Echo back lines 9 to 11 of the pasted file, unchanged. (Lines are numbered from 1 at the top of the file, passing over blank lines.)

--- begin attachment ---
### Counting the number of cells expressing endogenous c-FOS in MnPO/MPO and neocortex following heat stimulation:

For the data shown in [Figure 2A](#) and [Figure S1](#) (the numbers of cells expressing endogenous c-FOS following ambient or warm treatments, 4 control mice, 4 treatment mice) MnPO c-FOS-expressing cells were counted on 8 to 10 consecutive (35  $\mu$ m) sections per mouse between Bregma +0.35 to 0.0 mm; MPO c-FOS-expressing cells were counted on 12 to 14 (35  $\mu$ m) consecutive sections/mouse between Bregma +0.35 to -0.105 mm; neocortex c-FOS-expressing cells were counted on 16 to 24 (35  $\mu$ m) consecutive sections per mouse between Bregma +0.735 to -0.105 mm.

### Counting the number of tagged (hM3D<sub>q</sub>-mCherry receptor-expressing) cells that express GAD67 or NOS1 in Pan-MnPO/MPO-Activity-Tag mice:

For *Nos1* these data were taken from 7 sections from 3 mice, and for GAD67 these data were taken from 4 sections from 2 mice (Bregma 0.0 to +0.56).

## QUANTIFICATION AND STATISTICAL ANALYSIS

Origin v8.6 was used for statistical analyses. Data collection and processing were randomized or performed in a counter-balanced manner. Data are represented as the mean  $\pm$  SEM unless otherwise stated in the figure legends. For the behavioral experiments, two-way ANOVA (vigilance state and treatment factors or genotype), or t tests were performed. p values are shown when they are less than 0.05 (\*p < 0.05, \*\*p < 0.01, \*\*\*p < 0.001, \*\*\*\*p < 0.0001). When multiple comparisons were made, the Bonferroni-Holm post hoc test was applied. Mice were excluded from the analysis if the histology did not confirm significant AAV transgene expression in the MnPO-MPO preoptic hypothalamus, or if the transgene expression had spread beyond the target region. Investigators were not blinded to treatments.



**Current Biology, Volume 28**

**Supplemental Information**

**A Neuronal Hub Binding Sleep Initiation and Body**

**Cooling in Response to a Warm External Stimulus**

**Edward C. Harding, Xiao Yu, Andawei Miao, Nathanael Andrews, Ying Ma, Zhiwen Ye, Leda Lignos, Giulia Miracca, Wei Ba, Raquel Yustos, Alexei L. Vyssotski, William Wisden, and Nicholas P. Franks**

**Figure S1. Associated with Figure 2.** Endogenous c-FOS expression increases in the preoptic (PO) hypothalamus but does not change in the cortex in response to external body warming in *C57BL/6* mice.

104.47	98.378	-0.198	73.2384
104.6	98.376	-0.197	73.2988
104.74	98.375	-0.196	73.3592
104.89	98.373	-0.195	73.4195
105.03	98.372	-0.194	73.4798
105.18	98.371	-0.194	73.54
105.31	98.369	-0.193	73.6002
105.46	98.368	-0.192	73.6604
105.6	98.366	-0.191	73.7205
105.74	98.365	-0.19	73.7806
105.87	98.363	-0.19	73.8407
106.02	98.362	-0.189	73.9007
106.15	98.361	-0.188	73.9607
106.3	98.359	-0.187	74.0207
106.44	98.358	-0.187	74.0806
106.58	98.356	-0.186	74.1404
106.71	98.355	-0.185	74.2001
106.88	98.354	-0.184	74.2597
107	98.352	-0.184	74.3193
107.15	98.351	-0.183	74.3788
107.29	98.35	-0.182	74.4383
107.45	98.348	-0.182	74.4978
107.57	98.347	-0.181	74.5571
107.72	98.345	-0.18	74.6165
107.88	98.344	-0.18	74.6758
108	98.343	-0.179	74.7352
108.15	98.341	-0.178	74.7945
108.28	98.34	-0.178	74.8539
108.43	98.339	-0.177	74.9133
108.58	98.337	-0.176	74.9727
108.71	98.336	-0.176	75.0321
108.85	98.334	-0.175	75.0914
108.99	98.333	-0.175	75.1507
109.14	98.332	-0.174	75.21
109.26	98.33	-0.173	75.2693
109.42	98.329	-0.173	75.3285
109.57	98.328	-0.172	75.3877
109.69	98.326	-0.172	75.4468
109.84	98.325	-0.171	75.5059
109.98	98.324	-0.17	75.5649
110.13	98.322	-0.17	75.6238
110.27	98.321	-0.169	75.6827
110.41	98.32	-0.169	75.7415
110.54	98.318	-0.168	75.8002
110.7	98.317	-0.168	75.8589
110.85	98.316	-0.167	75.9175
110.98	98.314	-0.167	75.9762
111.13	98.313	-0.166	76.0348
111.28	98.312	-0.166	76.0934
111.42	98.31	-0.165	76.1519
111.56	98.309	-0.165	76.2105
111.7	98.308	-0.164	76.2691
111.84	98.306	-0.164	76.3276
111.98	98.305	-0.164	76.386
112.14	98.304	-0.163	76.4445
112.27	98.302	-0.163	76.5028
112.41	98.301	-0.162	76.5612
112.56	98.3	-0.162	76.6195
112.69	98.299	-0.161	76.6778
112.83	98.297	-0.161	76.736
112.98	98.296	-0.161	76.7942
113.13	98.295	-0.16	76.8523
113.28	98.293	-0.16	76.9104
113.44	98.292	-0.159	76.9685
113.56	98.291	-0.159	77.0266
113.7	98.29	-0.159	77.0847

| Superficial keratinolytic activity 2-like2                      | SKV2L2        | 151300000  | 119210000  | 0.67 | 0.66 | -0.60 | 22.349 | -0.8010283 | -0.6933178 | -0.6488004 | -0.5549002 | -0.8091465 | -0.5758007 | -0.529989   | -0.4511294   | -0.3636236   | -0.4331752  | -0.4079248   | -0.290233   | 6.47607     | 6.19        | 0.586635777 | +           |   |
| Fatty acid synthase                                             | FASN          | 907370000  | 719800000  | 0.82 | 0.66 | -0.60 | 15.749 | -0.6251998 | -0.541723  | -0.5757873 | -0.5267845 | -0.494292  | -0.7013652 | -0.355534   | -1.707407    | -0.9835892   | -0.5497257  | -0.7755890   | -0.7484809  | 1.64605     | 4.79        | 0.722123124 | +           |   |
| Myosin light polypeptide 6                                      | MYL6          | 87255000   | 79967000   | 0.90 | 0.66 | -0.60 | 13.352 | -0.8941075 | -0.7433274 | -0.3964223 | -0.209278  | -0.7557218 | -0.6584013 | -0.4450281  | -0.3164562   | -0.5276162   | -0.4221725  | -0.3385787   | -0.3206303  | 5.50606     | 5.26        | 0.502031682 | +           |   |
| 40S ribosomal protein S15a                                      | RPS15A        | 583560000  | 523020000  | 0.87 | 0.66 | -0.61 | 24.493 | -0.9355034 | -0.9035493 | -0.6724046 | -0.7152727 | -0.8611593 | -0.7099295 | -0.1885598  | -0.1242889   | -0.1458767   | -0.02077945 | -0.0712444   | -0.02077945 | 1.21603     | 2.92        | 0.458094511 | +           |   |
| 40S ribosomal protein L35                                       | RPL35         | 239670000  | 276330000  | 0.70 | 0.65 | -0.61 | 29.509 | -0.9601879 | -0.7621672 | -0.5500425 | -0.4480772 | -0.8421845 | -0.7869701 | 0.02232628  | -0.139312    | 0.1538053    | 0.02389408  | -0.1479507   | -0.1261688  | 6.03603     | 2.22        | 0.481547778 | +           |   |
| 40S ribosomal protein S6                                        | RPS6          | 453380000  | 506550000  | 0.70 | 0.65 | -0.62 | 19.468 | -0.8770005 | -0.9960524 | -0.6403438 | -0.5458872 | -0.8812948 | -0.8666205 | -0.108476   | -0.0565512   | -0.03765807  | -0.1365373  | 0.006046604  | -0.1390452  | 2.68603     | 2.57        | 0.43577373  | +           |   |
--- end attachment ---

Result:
**A Neuronal Hub Binding Sleep Initiation and Body**

**Cooling in Response to a Warm External Stimulus**

**Edward C. Harding, Xiao Yu, Andawei Miao, Nathanael Andrews, Ying Ma, Zhiwen Ye, Leda Lignos, Giulia Miracca, Wei Ba, Raquel Yustos, Alexei L. Vyssotski, William Wisden, and Nicholas P. Franks**